We believe that any attempt to impose consequential damage liability on McNally would constitute a material alteration of the offer. Whether an additional term in the acceptance works a material alteration must be determined in light of the circumstances of each case. N & D Fashions, Inc. v. DHJ Industries, Inc., 548 F.2d 722 (8th Cir. 1977). Mead itself notes that the parties hotly disputed the question of damage liability. By their own admissions, each party considered consequential damage liability to be a material and crucial issue. Recognizing that at least $1 million of damages could be considered "consequential," we are convinced that the attempt to impose such liability on McNally can be fairly characterized as a "material alteration." See Air Products & Chemicals, Inc. v. Fairbanks Morse, Inc., 58 Wis.2d 193, 206 N.W.2d 414, 12 UCCRS 794 (1973)


Carl Christian testified:

Q However, there is no reference at all in this letter to any such discussion or any such exception as to the terms and conditions exonerating McNally from consequential damages, is there?

A I don't see any.

Q So, if that was the subject of discussion at that meeting, there was nothing said about it in this report, was there?

A I don't see that it is in here.

Q Didn't you consider the subject of consequential damages about the most important thing that was discussed at whatever meeting this was?

A Yes, sir, it was important.

Q Have you found anywhere that that was memorialized by the letter either to or from Mead to McNally?

A Mead Corporation never agreed to limit the liabilities of the contract.

Q Sir, my question was whether this discussion that you had was ever memorialized in a letter similar to the letter of October 18 in which the parties set forth the discussions that they had?

A Not in a letter. Our contract specifies terms, conditions, general conditions, and those govern. That is our contract. Any exceptions given would have to be given in writing by McNally.

Q I understand your legal interpretation of the contract, Mr. Christian. What I am asking you is much simpler than that. I am just asking you when you had this most important discussion, nobody ever bothered to write anybody else about it and memorialize it in writing?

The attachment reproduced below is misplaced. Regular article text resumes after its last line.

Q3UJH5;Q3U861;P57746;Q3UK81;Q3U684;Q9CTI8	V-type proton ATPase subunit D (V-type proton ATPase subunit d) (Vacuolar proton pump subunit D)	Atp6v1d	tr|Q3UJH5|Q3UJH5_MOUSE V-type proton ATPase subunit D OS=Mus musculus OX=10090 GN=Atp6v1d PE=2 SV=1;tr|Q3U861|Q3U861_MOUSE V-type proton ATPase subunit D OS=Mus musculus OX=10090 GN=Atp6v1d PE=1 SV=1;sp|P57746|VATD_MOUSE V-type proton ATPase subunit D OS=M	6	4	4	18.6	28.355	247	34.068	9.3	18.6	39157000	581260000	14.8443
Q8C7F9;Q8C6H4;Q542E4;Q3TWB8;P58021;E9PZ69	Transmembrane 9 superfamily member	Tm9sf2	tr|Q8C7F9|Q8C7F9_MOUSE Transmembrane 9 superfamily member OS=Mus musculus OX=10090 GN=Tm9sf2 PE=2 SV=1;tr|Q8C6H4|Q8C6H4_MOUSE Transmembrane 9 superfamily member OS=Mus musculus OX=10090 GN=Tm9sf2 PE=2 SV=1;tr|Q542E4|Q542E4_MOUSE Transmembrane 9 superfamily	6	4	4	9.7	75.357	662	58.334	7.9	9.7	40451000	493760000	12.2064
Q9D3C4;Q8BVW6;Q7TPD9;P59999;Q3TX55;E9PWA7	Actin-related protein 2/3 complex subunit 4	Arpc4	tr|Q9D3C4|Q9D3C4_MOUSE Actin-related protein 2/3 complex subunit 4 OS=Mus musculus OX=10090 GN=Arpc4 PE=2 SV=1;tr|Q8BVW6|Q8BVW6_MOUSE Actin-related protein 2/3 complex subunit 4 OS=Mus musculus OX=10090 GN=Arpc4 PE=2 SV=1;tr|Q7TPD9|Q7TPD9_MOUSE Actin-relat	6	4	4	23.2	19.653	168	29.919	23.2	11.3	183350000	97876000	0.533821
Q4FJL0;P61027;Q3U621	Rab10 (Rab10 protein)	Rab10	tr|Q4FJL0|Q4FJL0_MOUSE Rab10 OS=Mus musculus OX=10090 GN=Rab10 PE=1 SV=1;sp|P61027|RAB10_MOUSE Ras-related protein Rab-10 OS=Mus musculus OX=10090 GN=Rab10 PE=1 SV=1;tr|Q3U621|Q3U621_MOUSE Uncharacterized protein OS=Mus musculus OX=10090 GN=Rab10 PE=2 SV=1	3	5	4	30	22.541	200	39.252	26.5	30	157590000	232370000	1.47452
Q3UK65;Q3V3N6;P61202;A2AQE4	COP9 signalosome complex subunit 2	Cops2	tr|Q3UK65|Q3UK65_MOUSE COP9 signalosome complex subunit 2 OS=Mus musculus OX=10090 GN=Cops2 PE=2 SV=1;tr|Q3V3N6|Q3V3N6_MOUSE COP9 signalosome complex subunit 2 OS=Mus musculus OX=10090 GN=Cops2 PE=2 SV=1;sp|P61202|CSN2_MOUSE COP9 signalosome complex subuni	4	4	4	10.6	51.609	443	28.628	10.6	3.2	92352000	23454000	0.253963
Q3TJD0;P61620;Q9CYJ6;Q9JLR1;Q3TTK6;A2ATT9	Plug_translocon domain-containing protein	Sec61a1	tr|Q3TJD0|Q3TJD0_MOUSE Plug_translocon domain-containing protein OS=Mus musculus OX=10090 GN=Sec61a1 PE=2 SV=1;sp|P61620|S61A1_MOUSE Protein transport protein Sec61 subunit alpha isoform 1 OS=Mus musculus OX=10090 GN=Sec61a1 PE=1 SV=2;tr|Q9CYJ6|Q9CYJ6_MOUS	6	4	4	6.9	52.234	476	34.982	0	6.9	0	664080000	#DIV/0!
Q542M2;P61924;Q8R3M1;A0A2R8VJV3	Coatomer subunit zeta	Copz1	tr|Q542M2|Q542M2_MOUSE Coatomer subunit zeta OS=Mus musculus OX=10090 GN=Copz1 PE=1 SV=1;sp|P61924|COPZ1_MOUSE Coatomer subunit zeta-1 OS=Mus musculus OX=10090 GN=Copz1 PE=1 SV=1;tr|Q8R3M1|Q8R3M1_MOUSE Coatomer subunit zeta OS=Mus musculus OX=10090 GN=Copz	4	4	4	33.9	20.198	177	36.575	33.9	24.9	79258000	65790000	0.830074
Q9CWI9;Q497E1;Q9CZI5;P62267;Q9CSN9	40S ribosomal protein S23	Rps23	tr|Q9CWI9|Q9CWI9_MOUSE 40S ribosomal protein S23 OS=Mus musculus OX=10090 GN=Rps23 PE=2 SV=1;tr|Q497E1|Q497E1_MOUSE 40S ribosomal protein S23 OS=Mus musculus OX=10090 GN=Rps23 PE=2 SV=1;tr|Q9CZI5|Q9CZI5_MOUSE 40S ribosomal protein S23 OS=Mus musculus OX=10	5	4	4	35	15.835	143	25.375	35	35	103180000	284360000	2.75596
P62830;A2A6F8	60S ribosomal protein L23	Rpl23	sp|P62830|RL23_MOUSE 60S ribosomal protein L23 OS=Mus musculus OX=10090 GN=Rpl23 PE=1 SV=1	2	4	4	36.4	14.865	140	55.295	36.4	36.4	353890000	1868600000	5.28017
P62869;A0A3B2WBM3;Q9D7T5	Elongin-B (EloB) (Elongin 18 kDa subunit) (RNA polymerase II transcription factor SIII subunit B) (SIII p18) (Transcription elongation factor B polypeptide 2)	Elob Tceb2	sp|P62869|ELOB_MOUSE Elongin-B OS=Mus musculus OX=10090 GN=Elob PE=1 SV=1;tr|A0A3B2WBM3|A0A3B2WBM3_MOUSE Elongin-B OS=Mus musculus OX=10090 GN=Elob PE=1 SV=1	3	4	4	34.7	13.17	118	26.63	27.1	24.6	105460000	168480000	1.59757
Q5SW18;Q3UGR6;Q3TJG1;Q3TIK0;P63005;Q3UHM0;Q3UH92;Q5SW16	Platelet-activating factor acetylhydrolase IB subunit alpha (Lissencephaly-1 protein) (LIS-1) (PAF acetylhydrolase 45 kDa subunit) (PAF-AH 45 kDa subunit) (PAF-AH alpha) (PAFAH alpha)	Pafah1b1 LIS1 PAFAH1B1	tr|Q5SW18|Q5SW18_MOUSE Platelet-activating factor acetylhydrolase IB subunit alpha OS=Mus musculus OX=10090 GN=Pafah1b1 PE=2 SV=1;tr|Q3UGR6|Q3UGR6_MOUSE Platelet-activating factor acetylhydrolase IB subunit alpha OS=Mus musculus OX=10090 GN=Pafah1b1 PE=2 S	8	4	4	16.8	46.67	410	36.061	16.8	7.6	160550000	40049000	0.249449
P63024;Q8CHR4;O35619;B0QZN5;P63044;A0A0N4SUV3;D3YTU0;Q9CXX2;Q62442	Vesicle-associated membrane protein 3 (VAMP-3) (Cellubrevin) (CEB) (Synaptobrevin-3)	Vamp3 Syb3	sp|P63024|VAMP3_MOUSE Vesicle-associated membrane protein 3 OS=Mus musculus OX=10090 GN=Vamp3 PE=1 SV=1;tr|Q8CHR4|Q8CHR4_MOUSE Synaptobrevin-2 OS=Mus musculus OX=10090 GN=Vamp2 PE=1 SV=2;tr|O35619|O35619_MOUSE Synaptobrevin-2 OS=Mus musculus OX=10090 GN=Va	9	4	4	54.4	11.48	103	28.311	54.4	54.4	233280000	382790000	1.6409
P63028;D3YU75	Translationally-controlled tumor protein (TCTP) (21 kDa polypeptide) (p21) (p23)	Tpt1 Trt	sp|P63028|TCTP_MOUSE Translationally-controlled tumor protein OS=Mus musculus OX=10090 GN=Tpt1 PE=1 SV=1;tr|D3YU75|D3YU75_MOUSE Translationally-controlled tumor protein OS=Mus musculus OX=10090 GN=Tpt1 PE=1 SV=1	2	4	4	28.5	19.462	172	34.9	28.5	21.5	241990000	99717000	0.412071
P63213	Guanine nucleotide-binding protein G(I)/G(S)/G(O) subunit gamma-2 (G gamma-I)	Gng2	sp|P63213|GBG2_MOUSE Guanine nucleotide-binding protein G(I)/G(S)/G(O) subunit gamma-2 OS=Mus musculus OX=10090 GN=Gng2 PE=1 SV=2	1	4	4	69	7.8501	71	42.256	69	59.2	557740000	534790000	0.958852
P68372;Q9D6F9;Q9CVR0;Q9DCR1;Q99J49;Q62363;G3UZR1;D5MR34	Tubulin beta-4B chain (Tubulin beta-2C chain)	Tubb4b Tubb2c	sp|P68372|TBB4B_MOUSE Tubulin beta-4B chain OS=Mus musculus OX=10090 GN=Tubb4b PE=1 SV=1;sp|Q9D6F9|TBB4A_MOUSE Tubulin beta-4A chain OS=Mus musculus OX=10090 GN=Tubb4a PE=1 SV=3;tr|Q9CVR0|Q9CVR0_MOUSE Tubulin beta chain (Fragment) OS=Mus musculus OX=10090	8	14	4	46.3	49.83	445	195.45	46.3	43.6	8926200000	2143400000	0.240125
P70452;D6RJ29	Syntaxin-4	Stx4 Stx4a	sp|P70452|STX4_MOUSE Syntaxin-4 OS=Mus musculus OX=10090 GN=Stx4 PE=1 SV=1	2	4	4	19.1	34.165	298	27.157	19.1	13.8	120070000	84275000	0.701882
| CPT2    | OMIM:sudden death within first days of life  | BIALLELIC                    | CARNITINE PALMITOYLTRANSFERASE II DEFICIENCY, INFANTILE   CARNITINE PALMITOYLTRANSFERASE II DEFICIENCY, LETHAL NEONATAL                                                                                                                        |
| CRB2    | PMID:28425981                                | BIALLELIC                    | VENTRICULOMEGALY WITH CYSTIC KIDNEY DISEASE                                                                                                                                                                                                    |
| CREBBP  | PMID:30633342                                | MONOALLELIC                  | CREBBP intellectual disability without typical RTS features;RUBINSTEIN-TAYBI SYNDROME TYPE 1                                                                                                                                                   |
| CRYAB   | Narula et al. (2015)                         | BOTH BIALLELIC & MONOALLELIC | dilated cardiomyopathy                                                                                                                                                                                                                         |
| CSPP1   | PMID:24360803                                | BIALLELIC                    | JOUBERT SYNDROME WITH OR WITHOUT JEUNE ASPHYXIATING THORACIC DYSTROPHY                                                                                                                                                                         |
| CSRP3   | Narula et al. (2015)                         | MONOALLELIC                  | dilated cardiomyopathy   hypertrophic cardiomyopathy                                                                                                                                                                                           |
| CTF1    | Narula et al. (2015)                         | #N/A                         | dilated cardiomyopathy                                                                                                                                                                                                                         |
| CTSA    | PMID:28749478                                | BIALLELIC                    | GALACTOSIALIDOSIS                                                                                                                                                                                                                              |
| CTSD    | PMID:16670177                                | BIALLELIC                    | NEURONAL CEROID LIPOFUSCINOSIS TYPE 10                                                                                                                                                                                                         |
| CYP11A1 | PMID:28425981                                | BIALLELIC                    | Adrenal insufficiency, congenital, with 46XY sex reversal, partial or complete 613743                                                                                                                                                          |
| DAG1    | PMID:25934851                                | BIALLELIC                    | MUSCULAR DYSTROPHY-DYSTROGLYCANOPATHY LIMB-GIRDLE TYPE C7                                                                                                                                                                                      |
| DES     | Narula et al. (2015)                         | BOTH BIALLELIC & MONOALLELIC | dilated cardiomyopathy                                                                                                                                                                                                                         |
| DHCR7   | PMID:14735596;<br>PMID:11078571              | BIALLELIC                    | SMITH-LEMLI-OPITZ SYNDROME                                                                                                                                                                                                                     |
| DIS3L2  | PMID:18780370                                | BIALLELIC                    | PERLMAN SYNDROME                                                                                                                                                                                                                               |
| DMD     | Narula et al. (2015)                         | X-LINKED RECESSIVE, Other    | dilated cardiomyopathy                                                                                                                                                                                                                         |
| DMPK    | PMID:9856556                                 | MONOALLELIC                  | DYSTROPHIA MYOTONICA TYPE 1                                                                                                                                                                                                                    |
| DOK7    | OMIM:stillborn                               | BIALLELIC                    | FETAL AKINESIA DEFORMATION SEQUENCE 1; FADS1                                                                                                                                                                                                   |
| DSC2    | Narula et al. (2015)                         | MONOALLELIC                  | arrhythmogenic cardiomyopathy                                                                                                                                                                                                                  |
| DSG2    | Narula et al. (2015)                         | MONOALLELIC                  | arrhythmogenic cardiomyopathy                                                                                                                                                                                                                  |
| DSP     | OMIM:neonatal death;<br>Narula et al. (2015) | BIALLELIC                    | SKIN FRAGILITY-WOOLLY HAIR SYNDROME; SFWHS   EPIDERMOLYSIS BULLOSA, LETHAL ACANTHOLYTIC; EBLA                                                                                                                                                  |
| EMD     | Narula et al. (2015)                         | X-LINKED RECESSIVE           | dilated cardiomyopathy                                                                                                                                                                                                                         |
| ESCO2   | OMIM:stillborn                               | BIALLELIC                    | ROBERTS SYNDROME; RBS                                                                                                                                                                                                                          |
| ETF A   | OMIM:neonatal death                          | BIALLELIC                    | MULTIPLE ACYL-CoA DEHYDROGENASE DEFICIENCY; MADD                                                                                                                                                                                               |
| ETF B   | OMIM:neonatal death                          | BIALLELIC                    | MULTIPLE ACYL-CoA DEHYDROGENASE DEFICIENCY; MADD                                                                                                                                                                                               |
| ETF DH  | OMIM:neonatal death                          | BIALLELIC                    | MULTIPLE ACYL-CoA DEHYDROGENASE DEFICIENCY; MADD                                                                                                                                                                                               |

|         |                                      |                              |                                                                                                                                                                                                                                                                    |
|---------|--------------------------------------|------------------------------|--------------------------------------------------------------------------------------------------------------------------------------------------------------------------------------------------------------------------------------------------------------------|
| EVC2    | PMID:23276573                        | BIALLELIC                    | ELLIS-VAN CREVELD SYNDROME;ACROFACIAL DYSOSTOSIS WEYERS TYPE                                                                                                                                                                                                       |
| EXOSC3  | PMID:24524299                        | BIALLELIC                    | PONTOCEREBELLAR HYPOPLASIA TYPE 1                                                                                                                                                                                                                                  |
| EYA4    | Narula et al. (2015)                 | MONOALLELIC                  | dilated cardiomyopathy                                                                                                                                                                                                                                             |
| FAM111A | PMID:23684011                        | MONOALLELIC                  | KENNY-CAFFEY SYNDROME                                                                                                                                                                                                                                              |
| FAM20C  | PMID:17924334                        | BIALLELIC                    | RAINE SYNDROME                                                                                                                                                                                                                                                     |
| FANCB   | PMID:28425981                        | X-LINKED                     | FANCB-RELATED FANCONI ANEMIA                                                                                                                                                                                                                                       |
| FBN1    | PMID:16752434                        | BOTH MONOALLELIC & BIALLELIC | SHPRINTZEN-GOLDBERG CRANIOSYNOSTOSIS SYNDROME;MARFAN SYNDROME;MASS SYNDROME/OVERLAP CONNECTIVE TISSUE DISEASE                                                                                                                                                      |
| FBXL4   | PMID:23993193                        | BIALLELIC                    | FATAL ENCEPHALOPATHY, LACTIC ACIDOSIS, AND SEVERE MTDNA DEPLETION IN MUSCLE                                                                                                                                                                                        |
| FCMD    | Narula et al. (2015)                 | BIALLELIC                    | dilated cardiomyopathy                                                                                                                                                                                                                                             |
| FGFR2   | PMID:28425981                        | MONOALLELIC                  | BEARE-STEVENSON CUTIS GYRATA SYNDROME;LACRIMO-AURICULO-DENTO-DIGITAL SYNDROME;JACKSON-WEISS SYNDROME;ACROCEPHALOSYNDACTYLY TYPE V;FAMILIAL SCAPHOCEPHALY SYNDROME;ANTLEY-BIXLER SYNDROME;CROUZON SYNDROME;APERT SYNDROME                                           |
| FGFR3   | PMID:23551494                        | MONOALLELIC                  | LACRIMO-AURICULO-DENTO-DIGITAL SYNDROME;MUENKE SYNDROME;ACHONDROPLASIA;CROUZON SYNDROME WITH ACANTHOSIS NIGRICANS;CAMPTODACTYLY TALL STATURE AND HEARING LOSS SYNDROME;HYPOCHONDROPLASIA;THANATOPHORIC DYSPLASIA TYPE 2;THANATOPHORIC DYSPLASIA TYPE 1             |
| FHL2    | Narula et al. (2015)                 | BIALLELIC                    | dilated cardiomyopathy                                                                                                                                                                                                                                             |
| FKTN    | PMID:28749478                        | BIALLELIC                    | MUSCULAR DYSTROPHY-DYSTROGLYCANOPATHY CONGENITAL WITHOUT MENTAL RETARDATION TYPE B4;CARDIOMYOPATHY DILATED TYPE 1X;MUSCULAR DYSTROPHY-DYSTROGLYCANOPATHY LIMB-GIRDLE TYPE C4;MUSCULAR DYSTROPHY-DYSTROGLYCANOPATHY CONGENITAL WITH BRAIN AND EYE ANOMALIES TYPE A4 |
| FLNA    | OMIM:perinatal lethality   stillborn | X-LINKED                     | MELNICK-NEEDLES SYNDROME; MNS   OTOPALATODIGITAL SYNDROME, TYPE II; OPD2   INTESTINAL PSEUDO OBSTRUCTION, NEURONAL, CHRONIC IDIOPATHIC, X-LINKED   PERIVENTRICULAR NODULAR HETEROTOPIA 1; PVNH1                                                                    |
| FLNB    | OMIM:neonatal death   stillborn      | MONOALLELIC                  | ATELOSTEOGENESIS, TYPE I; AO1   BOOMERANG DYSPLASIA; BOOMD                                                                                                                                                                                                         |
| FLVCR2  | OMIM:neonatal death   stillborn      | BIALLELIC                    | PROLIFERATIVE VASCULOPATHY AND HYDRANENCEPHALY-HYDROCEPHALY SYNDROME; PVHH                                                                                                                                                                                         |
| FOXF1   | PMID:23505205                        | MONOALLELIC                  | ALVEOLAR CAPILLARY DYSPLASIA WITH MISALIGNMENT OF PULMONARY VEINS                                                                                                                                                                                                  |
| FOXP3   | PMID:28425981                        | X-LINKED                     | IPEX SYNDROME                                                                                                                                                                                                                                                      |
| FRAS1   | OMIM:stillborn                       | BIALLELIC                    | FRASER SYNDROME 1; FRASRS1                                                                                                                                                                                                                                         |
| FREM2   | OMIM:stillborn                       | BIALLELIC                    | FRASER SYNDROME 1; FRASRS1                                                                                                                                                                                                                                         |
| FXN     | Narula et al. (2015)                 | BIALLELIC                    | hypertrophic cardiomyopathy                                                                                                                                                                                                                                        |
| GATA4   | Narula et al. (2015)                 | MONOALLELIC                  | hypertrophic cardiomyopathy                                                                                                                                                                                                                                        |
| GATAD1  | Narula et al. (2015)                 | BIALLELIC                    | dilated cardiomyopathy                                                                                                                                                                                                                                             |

A No, sir, not after this meeting.


Trial Transcript, at 87-88


See notes 6, 9, supra. If we construe Mr. Christian's testimony most favorably to Mead, see note 9, supra, we might find a tentative agreement to eliminate McNally's consequential damage provision from the contract. At the same time, the ambiguity of Mr. Christian's testimony, viewed in light of Mr. Milliken's testimony, also suggests that both parties, anxious to consummate the contract, may simply have discontinued the debate without reaching agreement on whether to include or reject the language. Probably more than any other, it was this dispute which led the trial judge to submit the question of the construction of the contract to the jury

However, construing this language most favorably to Mead, we must nonetheless conclude that any prior oral agreement or disagreement can be of no legal effect in view of the unequivocal language of Mead's subsequent purchase order, wherein it expressly accepted "the terms and conditions" of McNally's bid proposal without noting any exception to the liability provisions therein.


The Uniform Commercial Code provides several remedies for a buyer who suffers a breach of contract. These include: cancellation (§ 2-711), "cover" which includes purchasing substitute goods in the market without unreasonable delay (§ 2-712), recovery of damages for non-delivery or repudiation (§ 2-713), recovery of damages for breach of contract because of defective or non-conforming goods (§ 2-714), specific performance or replevin if unique goods are involved (§ 2-716), or deduct damages caused by the breach from any balance of the price still outstanding (§ 2-717)

Of particular concern to this case are Sections 2-712, 2-714 and 2-715. As noted above, Section 2-712 of the Code permits Mead to "cover" in any commercially reasonable manner in the market place to secure alternative goods or services necessitated by the breach of the contract. Mead essentially effected cover for the allegedly defective scales by obtaining alternative weighing services.

Section 2-714(1) of the Code allows Mead to accept non-conforming goods and "recover as damages for any non-conformity of tender the loss resulting in the ordinary course of events from the seller's breach as determined in any manner which is reasonable." According to subsection (2), "The measure of damages for breach of warranty is the difference at the time and place of acceptance between the value of the goods accepted and the value they would have had if they had been as warranted, unless special circumstances show proximate damages of a different amount." Finally, subsection (3) provides that "In a proper case any incidental and consequential damages under the next section may also be recovered." Since Mead "accepted" the allegedly defective coal washing plant, it appears that Mead is entitled under this section of the Code to recover any direct damages or costs incurred in repairing the defects, as well as any consequential and incidental losses or costs resulting from the defects, absent any exculpatory provisions inuring to McNally's benefit.